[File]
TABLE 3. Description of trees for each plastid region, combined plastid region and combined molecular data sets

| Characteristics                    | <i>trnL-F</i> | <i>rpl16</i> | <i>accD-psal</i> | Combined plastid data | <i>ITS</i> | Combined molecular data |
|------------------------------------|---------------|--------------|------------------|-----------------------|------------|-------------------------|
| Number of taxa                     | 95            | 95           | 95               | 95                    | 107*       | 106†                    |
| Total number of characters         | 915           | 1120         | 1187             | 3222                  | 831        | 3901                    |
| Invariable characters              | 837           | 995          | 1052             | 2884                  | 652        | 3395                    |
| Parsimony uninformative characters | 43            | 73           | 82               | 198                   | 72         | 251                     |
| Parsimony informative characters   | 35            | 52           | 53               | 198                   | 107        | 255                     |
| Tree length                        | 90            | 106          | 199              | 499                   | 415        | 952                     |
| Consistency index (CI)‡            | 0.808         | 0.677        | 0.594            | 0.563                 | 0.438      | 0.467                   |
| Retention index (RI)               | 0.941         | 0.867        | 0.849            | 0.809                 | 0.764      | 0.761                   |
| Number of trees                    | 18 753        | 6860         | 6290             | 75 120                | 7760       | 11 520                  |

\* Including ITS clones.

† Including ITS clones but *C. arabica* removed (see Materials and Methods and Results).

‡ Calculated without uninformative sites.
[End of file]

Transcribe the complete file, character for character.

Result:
TABLE 3. Description of trees for each plastid region, combined plastid region and combined molecular data sets

| Characteristics                    | <i>trnL-F</i> | <i>rpl16</i> | <i>accD-psal</i> | Combined plastid data | <i>ITS</i> | Combined molecular data |
|------------------------------------|---------------|--------------|------------------|-----------------------|------------|-------------------------|
| Number of taxa                     | 95            | 95           | 95               | 95                    | 107*       | 106†                    |
| Total number of characters         | 915           | 1120         | 1187             | 3222                  | 831        | 3901                    |
| Invariable characters              | 837           | 995          | 1052             | 2884                  | 652        | 3395                    |
| Parsimony uninformative characters | 43            | 73           | 82               | 198                   | 72         | 251                     |
| Parsimony informative characters   | 35            | 52           | 53               | 198                   | 107        | 255                     |
| Tree length                        | 90            | 106          | 199              | 499                   | 415        | 952                     |
| Consistency index (CI)‡            | 0.808         | 0.677        | 0.594            | 0.563                 | 0.438      | 0.467                   |
| Retention index (RI)               | 0.941         | 0.867        | 0.849            | 0.809                 | 0.764      | 0.761                   |
| Number of trees                    | 18 753        | 6860         | 6290             | 75 120                | 7760       | 11 520                  |

\* Including ITS clones.

† Including ITS clones but *C. arabica* removed (see Materials and Methods and Results).

‡ Calculated without uninformative sites.